Application security is a major concern for many organizations. In 2020, over 23,000 new vulnerabilities were discovered and publicly reported in production applications. On average, a codebase contains 158 vulnerabilities.
Reducing these vulnerability rates is essential to corporate cybersecurity and protecting the organization’s reputation. Implementing a security champion program to support application security can help.
What is a Security Champion?
For many organizations, security expertise is centralized within the security operations center (SOC). The primary goal of the SOC is to protect the organization against attack, which includes finding and fixing vulnerabilities in an organization’s production applications.
The problem with this approach to application security is that it makes it difficult for companies to shift security left. Without security knowledge and expertise in the development team, it is difficult to build it into the early stages of the software development lifecycle. As a result, security continues to be left until the end, and production vulnerabilities keep happening.
A security champions program is designed to embed security expertise throughout the entire organization. This includes soliciting volunteers from each team to become advocates for good security practices with their peers.
By scattering security expertise throughout the organization, a company is better equipped to find and fix potential security issues early in their lifecycles before they become a major problem. Additionally, the company has a greater pool of security knowledge and experience to draw on in the event of a major incident.
Why Security Champions are Necessary for AppSec
In many organizations, the IT or security team is wholly responsible for security in the organization, including application security. However, the number of vulnerabilities in production applications demonstrates that this approach isn’t working.
A security champions program can help to address this issue by tackling many of the major roadblocks that organizations face with regard to application security, including:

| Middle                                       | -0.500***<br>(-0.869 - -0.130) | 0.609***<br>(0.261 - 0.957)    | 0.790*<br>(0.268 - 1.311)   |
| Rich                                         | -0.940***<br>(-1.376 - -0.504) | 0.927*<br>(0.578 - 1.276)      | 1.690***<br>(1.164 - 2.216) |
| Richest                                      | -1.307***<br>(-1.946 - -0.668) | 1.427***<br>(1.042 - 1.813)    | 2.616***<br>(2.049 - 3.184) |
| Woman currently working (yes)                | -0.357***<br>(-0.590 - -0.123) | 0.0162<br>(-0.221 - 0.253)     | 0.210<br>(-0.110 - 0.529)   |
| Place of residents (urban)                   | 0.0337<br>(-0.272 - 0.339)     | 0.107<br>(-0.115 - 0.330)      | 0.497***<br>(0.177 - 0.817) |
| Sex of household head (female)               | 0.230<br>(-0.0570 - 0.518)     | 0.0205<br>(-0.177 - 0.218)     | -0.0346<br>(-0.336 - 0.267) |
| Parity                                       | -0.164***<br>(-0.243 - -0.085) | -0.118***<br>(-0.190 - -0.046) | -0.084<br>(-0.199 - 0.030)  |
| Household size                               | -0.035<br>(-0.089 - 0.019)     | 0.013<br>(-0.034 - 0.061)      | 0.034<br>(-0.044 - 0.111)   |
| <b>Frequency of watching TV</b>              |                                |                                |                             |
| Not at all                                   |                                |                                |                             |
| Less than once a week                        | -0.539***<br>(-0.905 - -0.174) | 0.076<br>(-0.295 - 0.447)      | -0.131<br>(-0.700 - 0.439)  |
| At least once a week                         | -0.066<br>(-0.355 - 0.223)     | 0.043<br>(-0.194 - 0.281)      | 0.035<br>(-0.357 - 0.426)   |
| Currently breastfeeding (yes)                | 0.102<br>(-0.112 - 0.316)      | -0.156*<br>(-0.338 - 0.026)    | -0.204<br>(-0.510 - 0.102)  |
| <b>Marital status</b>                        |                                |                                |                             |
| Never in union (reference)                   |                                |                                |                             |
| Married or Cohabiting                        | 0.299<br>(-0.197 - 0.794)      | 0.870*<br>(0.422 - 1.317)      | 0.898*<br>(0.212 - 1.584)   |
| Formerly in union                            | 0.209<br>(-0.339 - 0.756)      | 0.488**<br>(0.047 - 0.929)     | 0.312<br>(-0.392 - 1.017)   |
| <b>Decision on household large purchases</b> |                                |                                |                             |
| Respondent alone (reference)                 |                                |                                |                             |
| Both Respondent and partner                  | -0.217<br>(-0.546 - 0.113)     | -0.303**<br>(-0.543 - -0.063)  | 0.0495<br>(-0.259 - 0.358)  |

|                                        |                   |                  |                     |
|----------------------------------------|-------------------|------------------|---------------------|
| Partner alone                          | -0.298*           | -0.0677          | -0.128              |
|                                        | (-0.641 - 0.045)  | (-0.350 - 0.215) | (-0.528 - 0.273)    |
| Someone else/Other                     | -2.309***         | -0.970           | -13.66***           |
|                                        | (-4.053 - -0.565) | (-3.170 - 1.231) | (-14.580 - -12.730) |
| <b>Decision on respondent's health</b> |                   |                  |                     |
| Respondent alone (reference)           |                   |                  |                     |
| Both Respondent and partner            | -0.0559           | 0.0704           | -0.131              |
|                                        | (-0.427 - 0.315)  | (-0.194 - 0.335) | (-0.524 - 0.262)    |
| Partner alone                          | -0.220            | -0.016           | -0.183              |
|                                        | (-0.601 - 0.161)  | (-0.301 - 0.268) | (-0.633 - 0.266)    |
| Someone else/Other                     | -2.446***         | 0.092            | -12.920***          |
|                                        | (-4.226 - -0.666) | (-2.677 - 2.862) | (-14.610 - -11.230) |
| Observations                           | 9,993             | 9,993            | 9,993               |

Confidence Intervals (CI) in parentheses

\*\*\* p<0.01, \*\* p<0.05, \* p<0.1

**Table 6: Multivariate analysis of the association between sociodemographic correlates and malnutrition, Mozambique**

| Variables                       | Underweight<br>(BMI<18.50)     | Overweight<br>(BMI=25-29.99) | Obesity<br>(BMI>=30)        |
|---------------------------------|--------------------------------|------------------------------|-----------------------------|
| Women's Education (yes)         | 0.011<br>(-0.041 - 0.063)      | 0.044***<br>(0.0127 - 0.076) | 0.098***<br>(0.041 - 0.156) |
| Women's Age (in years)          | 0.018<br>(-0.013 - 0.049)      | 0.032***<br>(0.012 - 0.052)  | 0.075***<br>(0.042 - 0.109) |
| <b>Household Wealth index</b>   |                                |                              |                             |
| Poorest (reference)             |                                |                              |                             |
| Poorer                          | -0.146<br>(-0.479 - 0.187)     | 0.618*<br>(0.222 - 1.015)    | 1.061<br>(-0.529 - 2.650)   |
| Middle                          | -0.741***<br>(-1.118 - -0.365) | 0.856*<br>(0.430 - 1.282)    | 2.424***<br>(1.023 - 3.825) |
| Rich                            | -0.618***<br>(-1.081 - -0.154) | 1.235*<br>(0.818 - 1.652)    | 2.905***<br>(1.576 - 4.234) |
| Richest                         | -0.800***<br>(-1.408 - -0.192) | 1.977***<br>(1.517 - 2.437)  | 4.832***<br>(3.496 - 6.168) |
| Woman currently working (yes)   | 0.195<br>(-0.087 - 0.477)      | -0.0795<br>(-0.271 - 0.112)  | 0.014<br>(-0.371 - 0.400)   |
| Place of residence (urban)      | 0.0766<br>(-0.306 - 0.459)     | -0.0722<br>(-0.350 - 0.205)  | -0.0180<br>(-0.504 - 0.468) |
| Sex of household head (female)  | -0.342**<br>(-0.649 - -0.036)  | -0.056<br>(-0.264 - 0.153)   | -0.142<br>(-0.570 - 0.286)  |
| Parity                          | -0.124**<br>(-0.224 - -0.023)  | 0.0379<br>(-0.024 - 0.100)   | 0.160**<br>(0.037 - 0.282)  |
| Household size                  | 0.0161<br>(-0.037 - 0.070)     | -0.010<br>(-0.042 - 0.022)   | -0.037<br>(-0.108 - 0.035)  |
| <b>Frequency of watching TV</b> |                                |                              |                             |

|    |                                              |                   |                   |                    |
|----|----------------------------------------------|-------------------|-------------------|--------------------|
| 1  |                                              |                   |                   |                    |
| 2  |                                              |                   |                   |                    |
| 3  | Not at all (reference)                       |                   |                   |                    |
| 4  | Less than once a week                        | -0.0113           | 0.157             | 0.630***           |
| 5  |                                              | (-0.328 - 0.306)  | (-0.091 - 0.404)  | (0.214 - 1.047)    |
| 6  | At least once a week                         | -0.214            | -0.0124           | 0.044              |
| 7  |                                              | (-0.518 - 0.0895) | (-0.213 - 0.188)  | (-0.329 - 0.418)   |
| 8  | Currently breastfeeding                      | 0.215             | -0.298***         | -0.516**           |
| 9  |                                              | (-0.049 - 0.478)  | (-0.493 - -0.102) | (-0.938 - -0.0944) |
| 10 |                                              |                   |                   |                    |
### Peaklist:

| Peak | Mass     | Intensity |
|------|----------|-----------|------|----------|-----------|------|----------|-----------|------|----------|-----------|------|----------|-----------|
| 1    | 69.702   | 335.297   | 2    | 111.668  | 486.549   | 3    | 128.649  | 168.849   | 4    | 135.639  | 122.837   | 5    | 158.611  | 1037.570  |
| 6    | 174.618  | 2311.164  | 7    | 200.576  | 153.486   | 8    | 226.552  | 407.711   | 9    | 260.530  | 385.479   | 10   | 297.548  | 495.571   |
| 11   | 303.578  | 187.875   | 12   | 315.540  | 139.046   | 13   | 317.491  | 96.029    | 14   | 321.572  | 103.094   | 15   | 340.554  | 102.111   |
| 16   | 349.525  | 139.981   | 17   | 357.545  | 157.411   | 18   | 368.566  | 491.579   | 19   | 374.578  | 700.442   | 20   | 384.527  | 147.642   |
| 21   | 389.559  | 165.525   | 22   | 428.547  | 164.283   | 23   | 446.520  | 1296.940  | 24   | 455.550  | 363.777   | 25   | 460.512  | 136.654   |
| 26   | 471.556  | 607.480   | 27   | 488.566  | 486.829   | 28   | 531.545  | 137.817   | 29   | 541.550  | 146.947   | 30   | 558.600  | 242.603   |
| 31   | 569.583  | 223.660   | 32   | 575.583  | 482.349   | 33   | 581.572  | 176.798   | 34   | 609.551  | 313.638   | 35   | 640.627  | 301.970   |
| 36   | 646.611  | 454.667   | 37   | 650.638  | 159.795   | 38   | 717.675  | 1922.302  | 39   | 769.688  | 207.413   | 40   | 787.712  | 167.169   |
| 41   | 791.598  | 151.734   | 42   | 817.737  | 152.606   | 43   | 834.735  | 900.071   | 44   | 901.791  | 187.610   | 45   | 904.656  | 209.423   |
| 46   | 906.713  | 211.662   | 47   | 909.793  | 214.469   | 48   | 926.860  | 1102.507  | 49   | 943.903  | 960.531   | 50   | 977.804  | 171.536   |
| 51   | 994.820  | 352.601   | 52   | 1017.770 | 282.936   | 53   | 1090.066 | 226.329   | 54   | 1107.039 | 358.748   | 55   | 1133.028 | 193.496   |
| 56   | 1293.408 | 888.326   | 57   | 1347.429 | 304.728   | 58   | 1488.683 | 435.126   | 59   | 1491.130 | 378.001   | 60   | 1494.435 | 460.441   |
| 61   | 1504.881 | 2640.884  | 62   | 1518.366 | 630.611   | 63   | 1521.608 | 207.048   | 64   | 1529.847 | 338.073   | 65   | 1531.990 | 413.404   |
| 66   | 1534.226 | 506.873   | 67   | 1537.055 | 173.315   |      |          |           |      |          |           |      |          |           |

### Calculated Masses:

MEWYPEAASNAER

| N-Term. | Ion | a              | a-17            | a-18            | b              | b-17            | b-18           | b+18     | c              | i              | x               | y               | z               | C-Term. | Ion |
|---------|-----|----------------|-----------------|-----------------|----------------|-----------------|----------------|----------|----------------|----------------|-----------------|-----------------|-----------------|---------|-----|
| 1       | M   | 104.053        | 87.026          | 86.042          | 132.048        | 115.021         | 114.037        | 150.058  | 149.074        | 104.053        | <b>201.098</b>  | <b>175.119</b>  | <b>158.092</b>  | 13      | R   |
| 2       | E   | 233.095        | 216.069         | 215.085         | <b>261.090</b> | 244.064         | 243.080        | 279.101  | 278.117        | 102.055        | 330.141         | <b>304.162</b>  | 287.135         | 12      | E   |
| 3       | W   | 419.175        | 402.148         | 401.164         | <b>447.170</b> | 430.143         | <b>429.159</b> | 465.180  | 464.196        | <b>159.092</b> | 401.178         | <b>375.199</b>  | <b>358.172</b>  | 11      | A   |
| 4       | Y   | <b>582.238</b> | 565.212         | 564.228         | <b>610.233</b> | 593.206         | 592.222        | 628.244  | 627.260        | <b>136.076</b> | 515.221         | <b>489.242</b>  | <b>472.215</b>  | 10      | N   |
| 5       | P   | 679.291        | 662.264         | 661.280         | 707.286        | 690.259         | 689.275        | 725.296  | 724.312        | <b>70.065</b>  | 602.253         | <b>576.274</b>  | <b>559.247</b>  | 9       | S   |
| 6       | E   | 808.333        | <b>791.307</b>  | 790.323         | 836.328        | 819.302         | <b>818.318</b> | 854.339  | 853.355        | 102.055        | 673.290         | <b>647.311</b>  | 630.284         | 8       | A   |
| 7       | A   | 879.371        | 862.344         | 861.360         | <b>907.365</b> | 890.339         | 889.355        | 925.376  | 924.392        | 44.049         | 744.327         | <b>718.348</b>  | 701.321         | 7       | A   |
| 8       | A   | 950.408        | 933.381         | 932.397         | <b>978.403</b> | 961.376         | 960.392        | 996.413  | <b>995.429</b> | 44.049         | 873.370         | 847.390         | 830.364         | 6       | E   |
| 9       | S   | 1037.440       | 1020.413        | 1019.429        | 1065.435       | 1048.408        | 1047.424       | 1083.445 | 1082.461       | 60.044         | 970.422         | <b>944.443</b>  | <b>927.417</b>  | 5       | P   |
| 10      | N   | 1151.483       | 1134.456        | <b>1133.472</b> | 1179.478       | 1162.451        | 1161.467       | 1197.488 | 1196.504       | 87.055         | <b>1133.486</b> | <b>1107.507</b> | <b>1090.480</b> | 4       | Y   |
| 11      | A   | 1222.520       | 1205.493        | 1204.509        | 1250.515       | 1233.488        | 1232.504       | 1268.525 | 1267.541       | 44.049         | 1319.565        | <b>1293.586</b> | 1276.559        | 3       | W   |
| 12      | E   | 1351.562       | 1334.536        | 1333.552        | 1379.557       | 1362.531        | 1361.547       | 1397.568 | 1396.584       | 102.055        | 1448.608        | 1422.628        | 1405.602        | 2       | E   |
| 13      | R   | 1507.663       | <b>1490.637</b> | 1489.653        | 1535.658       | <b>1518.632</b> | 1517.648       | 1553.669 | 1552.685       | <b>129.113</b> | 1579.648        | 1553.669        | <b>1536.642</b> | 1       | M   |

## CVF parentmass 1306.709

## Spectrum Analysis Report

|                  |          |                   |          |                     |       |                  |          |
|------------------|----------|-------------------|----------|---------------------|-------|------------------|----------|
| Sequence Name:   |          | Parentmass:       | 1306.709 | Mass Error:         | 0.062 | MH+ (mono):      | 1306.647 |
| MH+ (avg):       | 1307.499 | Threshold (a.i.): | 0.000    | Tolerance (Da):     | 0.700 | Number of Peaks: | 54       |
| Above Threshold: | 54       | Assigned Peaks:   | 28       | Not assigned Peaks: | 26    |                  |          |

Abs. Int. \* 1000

- Security is often an afterthought. Security is important to most development teams, but it often falls below an on-time release in the list of priorities. Security champions can help to ensure that necessary security testing is performed and issues are fixed before code reaches production.
- Developers trust their peers. An organization’s IT and security team can do outreach, but most people prefer to ask their peers for help when they’re stuck. A security champion on the development team can help to advocate for and guide developers to the right solution to a problem instead of a security workaround.
- IT has other priorities. Often, an organization's SOC is responsible for securing their applications, which can include security testing for code in development. However, this is just one of many responsibilities, meaning that application security doesn’t always receive the time and attention that it deserves. Having security expertise on the development team helps to ensure that security is not overlooked in the rush to release.
Supporting Your Security Champions
Standing up an effective security champions program is more than just naming someone on each team as the designated security champion. To actually make a difference in an organization’s application security, security champions need to be supported by the organization, which means that companies need to do the following:
- Give them the training they need. To effectively advocate for security, security champions need to understand security. If a developer is interested in becoming a security champion, provide them with the training that they need to feel comfortable in the role and get the respect of their peers.
- Equip them with the right tools. A security champions program is designed to encourage developers to do things “the right way.” To be successful, this means that security should be frictionless and painless to perform. Make sure that security champions have tools and processes in place that they can point to when making their recommendations.
- Define easily measurable goals. A security champions program, like any other program, needs to be justified up the chain of command. Defining easily measurable metrics to gauge the success of the program can help demonstrate its value to the organization.
Security champions are the ambassadors of security, and are looked upon as subject matter experts among developers. They help promote application security among their peers, and draw upon their knowledge, technical acumen, and their leadership skills to accomplish this goal. By equipping them with knowledge and skills through both leadership and secure coding training, organizations are investing in the improvement of their application security.